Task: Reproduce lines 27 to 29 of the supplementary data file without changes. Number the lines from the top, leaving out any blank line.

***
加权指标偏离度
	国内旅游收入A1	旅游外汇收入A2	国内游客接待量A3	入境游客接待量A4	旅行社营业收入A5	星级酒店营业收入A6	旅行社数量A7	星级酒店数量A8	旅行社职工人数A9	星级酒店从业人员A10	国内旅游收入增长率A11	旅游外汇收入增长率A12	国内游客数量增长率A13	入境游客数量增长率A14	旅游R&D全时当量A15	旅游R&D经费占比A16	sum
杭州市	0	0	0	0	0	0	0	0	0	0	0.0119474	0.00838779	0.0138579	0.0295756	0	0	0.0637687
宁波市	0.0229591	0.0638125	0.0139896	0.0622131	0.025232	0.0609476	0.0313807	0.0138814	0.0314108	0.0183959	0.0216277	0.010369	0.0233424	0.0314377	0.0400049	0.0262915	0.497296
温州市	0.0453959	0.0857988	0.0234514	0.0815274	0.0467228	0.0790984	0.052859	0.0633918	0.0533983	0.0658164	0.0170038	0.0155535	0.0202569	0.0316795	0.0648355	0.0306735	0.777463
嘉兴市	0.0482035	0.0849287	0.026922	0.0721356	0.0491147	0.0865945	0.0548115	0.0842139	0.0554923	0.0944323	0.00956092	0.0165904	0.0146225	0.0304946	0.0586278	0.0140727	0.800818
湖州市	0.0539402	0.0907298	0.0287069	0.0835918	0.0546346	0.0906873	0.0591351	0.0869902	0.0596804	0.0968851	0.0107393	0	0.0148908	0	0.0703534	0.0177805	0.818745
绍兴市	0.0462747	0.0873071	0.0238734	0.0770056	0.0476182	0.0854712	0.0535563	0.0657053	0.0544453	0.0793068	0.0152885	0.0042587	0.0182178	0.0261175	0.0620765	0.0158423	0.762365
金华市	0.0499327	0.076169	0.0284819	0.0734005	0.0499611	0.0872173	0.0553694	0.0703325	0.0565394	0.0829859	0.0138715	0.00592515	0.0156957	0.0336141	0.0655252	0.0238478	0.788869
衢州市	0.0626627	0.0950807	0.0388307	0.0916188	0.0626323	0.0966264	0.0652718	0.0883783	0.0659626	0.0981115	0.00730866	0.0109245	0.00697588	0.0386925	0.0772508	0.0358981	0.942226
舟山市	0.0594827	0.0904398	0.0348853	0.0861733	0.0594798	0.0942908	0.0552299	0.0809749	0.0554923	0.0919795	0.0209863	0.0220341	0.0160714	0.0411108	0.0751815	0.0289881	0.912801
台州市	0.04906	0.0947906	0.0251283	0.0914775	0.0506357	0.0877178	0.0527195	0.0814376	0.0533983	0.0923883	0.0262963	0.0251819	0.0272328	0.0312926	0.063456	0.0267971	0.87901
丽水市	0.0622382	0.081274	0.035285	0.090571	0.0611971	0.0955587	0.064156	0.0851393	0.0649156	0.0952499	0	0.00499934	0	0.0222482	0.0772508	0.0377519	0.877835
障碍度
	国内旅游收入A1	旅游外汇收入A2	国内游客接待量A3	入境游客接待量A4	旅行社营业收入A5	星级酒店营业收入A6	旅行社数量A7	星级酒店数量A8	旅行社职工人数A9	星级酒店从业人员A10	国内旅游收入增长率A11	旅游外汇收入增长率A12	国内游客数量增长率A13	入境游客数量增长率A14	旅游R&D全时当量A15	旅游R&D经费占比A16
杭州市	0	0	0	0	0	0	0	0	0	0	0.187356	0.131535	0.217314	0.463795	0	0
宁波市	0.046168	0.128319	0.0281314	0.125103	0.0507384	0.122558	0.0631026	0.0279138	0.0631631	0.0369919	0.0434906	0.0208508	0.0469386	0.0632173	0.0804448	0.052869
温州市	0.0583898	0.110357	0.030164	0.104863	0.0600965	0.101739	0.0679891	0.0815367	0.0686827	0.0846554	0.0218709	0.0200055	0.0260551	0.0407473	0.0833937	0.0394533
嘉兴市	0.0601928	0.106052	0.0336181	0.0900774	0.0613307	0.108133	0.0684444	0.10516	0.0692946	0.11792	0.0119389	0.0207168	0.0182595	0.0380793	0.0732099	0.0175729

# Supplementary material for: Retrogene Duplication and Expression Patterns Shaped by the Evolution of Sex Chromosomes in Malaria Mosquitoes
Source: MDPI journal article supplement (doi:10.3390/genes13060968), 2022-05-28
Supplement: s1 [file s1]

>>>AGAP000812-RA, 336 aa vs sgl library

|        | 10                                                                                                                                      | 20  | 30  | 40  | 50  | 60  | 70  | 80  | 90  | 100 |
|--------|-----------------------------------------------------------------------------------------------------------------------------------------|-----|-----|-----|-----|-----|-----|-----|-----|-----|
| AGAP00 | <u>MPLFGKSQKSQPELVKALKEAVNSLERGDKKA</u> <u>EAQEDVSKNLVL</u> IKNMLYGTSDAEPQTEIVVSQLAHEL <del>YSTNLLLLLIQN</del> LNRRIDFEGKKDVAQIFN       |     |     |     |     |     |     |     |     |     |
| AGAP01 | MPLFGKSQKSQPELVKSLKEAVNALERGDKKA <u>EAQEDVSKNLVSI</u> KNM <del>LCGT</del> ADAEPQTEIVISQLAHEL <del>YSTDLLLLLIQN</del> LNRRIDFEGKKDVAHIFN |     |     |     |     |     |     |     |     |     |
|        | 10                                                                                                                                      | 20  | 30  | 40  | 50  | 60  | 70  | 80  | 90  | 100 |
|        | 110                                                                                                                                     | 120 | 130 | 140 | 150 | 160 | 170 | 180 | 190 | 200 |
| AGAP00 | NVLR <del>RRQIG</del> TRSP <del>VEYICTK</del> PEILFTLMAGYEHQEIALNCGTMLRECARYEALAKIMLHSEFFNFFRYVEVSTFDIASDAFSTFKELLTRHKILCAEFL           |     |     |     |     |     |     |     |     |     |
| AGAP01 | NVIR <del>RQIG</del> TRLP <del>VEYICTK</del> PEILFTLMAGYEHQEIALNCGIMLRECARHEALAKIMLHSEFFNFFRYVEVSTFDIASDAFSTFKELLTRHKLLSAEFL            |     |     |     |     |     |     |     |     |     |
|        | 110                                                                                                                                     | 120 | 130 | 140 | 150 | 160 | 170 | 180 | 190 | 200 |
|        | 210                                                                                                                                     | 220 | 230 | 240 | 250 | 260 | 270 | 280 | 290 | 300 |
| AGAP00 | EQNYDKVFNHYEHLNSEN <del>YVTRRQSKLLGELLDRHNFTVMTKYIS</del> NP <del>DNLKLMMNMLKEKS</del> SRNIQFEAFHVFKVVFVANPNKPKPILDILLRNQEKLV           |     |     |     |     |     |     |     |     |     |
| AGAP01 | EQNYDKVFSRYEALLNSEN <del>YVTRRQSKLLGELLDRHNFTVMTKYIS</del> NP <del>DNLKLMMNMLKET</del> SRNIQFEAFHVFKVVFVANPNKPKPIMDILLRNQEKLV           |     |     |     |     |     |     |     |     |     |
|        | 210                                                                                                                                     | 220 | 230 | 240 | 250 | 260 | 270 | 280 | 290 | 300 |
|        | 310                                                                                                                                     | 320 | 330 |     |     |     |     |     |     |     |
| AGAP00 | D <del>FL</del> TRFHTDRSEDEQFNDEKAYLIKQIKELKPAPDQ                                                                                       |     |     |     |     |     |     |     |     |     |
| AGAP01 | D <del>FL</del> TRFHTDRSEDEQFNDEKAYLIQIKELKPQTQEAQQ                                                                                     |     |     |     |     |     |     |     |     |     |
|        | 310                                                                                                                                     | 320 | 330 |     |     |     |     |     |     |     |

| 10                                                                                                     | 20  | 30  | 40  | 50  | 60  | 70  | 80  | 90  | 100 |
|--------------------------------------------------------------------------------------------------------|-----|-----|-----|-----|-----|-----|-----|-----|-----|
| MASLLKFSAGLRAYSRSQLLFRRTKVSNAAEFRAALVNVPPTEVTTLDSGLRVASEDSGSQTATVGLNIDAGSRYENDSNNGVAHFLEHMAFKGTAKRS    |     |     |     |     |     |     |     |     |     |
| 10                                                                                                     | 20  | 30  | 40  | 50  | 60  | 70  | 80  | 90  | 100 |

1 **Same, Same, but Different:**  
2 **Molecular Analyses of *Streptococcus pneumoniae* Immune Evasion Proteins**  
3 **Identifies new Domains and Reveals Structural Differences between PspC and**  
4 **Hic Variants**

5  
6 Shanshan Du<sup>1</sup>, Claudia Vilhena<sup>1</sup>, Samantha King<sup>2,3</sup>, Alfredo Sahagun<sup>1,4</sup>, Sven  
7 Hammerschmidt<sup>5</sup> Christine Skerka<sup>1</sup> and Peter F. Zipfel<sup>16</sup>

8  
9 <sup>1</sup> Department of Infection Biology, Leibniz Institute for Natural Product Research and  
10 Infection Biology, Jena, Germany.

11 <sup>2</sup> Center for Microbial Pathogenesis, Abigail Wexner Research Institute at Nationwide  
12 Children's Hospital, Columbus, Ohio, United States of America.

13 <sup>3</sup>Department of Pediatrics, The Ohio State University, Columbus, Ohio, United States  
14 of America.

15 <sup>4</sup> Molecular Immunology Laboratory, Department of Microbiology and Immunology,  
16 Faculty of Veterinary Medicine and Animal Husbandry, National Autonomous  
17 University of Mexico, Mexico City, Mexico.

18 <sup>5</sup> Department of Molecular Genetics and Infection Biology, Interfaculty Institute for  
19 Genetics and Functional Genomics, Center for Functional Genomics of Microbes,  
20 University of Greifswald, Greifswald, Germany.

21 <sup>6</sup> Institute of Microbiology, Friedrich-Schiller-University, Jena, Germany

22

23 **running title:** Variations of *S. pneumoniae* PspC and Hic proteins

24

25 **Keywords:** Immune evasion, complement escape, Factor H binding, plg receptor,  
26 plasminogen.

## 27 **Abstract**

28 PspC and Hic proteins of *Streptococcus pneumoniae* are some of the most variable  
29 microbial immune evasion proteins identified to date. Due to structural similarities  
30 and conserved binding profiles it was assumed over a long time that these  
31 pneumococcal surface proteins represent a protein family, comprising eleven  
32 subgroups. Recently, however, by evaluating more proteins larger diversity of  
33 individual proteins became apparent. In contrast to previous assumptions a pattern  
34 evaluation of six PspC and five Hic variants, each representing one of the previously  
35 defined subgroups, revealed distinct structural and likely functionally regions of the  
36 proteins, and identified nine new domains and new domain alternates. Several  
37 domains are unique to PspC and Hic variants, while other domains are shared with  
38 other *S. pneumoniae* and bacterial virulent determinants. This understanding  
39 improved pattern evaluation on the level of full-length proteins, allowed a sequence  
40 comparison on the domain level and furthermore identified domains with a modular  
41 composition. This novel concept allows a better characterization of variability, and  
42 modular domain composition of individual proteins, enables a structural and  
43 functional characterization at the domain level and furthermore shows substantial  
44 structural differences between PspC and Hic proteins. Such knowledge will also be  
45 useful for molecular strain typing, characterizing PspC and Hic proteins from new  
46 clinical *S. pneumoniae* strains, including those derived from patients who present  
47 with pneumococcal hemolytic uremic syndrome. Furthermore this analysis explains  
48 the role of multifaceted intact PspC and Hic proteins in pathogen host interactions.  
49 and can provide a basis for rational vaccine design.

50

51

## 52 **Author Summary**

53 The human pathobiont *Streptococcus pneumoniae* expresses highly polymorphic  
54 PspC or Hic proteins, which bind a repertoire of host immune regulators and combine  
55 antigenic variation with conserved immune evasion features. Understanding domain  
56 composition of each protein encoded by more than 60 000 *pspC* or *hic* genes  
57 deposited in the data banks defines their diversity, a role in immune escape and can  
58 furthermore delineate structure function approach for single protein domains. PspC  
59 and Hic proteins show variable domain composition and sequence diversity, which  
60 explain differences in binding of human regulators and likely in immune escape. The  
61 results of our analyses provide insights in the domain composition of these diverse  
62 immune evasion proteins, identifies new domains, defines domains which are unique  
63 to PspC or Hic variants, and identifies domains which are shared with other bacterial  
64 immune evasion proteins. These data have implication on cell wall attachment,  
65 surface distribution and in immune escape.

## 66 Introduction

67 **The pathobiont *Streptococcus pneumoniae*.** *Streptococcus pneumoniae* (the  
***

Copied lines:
| AGAP01 | MPLFGKSQKSQPELVKSLKEAVNALERGDKKA <u>EAQEDVSKNLVSI</u> KNM <del>LCGT</del> ADAEPQTEIVISQLAHEL <del>YSTDLLLLLIQN</del> LNRRIDFEGKKDVAHIFN |     |     |     |     |     |     |     |     |     |
|        | 10                                                                                                                                      | 20  | 30  | 40  | 50  | 60  | 70  | 80  | 90  | 100 |
|        | 110                                                                                                                                     | 120 | 130 | 140 | 150 | 160 | 170 | 180 | 190 | 200 |